WHEN TO SAY NO TO SURGERY: How to Decide If You Need the Most Often Performed Operations by

WHEN TO SAY NO TO SURGERY: How to Decide If You Need the Most Often Performed Operations

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KIRKUS REVIEW

A sharp and entertaining attack on ""routine,"" runaway surgery--but not the book to turn to if you're facing a decision. Schneider--not surprisingly, a doctor of internal medicine--has a healthy skepticism toward surgery as a measure of last resort: in almost all cases (injury repair is one exception), medical treatment with drugs or a change in lifestyle is preferable. Rather than explain how to assess one's own case, however, he proceeds to debunk some of the most common surgical procedures: mastectomy, hysterectomy, prostate surgery, tubal ligation, vasectomy, Caesarean section, hernia repair, and so on. In each case, he scrutinizes the statistical record--also citing once-common procedures which are now obsolete either because of improved medical treatment or because (despite great popularity) they just did not work. (""Incredible as it may sound, until a few years ago serious surgeons vainly sprinkled talcum powder around the heart to improve circulation."") Finally, Schneider describes numerous disasters to demonstrate that no surgery should be considered routine. Among them: cardiac arrest, and death, during hysterectomy on a 35-year-old woman; overwhelming fatal infection following ulcer surgery on a middle-aged man. Alarmist, perhaps--but most hospital personnel can recall several such cases; and if they resulted from unnecessary surgery, Schneider has made his point. Doctors, nurses, drug companies, and the public all come under his fire (people want to be operated on); so, though he hyperbolizes and offers little concrete help (see rather The Prevention Guide to Surgery and Its Alternatives, by Rebecca Christian and others), he does focus arrestingly on a serious problem.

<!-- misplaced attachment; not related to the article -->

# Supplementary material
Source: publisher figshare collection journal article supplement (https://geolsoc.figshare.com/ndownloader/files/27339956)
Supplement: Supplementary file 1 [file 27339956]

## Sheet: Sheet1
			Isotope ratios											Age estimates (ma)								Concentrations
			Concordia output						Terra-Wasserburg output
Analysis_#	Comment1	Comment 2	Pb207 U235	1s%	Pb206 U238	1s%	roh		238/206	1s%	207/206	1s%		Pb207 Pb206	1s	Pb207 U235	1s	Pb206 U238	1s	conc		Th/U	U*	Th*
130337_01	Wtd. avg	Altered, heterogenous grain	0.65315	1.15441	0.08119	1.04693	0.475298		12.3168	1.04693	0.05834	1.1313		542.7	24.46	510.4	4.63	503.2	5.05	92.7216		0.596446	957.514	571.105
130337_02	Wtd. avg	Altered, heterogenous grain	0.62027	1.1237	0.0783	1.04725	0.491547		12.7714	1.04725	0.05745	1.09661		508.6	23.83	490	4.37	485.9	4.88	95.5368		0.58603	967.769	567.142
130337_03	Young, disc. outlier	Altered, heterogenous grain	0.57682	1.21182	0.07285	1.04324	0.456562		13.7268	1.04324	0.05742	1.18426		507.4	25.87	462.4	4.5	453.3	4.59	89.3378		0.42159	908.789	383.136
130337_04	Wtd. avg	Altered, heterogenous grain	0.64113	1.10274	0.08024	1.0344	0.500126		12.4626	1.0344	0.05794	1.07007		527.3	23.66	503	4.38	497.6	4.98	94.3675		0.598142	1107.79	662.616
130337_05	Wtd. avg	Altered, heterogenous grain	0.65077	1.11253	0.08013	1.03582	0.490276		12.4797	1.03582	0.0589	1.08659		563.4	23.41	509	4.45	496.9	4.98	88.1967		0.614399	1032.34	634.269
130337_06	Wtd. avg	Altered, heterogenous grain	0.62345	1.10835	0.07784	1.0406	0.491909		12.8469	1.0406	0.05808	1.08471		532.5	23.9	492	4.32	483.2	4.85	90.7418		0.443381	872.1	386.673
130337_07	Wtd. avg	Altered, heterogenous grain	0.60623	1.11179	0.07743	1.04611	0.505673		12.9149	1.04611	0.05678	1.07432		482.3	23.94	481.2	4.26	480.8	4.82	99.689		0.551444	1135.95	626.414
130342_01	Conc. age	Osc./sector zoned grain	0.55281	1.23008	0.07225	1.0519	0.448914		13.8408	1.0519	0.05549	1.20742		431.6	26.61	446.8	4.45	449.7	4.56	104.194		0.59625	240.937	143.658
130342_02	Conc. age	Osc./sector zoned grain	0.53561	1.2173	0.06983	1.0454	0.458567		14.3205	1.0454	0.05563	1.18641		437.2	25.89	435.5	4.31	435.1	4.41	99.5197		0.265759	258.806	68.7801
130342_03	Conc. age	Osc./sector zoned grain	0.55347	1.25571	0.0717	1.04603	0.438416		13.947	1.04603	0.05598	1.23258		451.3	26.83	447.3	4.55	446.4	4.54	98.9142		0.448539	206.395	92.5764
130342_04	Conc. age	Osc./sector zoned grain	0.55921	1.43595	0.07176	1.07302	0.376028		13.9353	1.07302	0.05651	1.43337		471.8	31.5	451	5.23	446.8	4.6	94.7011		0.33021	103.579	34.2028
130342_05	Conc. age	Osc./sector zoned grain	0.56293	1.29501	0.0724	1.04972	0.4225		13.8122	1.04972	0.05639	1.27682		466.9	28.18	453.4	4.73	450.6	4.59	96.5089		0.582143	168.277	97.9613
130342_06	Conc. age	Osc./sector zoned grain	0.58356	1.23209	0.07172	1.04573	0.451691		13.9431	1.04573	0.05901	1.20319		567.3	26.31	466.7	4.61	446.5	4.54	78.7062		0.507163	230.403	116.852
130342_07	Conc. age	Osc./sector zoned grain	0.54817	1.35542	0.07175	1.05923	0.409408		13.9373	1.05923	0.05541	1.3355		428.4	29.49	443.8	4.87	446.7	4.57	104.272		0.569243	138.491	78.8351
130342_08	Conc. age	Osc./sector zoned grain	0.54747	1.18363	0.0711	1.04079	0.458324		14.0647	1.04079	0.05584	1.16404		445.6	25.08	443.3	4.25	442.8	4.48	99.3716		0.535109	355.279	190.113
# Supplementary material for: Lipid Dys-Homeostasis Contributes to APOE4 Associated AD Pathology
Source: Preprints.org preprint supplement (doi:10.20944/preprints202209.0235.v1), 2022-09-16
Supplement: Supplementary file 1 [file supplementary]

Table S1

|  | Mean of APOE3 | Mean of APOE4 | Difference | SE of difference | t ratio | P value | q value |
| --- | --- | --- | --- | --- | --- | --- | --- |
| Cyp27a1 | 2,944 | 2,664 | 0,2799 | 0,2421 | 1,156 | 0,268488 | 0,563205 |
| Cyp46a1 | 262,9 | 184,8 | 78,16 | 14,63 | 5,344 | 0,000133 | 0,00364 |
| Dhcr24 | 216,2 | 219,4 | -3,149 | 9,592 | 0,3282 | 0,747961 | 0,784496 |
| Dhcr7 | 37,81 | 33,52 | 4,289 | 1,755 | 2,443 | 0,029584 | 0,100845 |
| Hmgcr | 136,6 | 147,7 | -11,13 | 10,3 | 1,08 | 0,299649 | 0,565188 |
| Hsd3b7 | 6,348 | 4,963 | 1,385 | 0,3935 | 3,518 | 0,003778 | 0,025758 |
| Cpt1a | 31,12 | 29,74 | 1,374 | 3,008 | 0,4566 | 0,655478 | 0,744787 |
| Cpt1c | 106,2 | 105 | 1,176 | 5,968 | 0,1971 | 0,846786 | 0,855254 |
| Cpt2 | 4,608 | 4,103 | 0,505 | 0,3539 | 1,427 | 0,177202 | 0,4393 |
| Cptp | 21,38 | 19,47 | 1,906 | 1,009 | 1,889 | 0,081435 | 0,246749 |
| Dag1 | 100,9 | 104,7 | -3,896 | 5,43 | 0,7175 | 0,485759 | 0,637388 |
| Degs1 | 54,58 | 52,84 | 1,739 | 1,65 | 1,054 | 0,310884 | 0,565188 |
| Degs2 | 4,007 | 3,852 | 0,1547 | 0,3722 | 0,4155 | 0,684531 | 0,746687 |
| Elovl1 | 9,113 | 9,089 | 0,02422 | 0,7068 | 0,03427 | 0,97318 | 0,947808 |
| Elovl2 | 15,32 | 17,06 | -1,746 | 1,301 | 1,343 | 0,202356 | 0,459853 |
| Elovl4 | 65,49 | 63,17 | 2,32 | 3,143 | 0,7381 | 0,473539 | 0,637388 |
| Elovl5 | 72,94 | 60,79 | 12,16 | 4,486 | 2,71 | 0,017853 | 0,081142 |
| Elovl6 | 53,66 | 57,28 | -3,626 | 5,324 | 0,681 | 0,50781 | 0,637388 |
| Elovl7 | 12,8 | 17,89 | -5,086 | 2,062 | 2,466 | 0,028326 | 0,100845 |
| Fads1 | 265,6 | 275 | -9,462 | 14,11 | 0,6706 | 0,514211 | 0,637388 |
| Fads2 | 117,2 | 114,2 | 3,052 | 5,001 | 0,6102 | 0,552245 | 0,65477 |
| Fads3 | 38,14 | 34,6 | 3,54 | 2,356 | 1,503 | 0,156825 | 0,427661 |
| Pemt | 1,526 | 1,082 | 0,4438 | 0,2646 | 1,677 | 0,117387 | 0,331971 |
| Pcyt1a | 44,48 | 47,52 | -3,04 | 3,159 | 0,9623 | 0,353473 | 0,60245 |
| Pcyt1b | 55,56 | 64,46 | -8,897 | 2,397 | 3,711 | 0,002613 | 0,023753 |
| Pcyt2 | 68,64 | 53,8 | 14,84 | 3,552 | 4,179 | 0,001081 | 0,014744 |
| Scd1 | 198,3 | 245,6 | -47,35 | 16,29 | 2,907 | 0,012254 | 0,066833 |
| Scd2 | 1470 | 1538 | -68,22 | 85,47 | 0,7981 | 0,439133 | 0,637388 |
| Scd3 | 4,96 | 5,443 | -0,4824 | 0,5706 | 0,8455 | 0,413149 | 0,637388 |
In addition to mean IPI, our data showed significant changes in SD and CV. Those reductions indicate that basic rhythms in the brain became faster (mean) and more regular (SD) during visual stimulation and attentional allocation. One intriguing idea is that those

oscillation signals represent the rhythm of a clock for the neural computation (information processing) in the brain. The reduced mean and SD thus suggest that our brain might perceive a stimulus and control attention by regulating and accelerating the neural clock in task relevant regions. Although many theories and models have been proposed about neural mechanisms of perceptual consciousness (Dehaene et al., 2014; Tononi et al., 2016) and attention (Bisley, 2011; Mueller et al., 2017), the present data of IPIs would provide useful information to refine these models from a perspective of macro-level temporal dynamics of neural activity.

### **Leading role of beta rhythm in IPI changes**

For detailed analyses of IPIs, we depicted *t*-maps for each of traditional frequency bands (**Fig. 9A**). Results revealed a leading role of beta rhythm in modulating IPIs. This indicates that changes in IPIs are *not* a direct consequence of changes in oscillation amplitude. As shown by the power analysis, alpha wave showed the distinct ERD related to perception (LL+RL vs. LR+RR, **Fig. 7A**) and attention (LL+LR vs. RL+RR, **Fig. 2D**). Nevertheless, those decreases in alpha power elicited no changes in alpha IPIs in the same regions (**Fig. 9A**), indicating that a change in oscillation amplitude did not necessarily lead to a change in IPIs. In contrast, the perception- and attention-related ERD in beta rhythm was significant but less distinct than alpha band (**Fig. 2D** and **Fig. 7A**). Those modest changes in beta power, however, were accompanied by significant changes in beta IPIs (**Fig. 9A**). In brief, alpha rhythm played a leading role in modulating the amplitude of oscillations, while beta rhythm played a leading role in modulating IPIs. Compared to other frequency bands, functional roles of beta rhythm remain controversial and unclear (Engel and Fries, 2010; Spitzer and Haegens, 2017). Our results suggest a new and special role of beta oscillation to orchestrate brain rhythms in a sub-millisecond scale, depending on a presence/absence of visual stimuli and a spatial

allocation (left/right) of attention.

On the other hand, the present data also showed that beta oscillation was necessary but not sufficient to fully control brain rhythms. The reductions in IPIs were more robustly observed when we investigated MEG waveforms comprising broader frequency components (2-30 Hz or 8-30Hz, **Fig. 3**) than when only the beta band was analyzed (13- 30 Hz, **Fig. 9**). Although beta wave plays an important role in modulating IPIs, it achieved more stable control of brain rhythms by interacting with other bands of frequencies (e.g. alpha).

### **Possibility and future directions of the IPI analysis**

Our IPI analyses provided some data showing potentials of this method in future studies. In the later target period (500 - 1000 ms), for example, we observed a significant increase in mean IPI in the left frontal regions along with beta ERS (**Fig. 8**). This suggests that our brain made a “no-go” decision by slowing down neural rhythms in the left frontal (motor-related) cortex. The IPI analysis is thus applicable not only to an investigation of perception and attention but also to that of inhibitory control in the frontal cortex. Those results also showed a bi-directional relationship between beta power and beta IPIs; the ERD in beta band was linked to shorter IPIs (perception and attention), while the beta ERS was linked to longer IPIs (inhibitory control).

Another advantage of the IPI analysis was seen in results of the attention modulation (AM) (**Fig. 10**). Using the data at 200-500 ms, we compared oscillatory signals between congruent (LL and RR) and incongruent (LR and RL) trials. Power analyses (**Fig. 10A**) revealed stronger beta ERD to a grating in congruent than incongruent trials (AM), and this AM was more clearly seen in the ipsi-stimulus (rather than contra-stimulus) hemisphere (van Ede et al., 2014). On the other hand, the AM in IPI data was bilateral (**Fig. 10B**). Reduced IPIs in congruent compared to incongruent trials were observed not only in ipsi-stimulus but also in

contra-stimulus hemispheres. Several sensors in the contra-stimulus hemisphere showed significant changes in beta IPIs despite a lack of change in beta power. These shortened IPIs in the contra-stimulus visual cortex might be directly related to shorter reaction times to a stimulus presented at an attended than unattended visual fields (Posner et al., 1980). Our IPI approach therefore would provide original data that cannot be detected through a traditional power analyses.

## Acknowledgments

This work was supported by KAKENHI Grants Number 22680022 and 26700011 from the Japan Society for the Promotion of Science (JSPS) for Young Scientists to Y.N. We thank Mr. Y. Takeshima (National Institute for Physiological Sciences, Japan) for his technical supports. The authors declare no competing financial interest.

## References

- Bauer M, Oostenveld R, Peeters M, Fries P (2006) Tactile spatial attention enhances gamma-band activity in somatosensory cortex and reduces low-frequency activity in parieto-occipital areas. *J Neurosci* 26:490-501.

Pub Date: Sept. 1st, 1982
Publisher: Prentice-Hall